Charles Mynors was recently approved by the Board of Graduate Studies of the University of Cambridge for the award of a PhD degree under the Special Regulations for his book The Law of Trees, Forests and Hedgerows. He will receive his Doctorate in Cambridge on 23 October 2010.
The book has become the standard text in its field since it was first published by Sweet & Maxwell in 2002; and a second edition is in preparation, expected to be published in 2011.
Charles has also written several other standard textbooks: Listed Buildings, Conservation Areas and Monuments (fourth edition, 2006)and The Control of Outdoor Advertising and Graffiti (2009), both published by Sweet & Maxwell. He is currently working on Changing Churches and Churchyards: A Guide to Law and Practice, the first edition of which is also expected in 2011.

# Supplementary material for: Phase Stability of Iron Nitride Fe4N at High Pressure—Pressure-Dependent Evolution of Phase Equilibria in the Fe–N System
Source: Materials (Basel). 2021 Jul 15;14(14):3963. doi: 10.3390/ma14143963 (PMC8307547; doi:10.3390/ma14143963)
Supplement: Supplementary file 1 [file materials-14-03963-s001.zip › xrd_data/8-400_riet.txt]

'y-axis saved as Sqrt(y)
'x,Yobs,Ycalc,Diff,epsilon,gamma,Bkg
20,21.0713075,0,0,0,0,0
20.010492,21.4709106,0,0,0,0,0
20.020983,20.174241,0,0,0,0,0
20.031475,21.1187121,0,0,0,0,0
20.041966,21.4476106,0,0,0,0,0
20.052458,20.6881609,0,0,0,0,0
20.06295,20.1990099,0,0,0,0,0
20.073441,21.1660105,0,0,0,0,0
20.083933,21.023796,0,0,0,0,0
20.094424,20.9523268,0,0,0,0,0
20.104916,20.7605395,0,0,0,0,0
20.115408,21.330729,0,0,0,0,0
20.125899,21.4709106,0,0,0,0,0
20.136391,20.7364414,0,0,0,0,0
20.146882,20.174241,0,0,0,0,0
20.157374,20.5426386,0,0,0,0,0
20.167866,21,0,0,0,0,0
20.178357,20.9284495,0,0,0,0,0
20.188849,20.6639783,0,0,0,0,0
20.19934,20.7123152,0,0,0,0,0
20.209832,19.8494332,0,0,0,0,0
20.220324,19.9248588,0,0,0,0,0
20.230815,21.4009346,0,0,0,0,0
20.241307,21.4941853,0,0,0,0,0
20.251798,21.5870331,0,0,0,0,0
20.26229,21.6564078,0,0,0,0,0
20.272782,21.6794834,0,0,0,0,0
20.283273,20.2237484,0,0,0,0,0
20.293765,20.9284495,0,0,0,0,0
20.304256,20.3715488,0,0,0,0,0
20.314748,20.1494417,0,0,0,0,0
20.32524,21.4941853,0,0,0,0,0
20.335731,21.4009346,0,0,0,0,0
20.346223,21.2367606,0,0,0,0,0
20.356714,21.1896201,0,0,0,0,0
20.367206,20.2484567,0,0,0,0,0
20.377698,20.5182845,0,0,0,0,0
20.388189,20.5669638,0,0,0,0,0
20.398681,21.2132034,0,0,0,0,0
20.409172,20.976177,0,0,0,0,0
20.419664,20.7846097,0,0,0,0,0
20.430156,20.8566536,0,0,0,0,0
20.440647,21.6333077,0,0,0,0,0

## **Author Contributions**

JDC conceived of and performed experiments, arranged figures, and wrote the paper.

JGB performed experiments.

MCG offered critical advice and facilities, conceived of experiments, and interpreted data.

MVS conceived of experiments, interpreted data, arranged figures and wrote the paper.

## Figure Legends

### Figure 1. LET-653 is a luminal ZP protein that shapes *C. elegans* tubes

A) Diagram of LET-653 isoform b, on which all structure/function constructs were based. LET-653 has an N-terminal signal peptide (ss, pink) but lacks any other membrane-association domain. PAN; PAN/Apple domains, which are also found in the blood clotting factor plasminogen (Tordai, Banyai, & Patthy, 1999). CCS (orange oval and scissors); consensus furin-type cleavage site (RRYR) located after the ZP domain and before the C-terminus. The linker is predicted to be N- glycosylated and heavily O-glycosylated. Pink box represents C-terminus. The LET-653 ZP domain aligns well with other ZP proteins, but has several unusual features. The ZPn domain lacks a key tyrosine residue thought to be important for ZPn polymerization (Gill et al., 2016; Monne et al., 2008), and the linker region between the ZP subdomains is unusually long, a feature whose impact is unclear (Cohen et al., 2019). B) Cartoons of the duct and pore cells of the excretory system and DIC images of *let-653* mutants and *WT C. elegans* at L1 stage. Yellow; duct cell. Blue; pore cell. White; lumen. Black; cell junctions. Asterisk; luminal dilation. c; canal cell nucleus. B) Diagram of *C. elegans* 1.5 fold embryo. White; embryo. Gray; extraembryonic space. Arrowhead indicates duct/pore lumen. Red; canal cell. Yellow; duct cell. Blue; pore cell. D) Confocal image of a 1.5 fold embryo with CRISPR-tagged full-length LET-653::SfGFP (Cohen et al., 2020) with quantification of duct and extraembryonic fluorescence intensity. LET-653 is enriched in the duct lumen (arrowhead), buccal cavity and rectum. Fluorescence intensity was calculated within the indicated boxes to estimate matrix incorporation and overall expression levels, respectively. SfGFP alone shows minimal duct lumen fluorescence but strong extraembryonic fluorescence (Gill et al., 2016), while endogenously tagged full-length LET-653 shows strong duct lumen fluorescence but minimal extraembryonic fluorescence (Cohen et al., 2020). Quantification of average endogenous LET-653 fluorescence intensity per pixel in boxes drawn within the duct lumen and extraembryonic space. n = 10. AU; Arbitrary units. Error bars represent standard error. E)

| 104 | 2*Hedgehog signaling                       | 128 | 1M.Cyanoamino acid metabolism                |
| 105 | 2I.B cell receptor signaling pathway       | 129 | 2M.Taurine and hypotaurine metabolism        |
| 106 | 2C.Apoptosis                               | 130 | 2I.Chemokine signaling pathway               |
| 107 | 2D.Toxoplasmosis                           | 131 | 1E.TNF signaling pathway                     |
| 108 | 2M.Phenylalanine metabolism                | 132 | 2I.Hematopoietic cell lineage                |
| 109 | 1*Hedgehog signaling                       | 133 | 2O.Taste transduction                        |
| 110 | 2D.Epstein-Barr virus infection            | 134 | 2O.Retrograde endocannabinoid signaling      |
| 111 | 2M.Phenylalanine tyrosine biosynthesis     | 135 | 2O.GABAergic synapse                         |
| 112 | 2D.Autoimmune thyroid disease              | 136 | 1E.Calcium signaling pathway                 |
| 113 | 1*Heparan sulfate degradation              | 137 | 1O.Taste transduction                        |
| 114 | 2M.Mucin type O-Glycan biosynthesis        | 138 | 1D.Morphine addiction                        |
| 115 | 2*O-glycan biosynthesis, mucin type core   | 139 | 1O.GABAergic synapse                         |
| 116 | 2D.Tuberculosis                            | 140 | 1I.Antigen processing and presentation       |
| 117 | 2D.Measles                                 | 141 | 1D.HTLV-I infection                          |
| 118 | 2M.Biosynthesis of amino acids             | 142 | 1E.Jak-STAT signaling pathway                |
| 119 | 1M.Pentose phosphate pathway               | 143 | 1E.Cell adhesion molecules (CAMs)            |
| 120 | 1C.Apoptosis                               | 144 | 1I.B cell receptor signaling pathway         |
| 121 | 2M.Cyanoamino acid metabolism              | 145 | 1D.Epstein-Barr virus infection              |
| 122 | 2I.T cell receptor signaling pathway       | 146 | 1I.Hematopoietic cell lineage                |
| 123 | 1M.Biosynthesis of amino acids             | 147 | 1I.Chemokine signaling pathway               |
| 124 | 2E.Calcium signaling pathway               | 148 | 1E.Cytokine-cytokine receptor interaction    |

Note: The University of Cambridge awards each year around ten PhD Degrees under the Special Regulations to graduates of the University who who have submitted published work which, in the opinion of the Examiners, gives clear proof of a significant contribution to learning - for example through the discovery of new knowledge, the connection of previously unrelated facts, the development of new theory, or the revision of older views. The standard required for a PhD Degree under the Special Regulations is the same for the PhD Degree awarded to graduate students on the submission of a dissertation embodying the results of three years of research. A candidate for the PhD Degree under the Special Regulations must also satisfy the Examiners at an oral examination.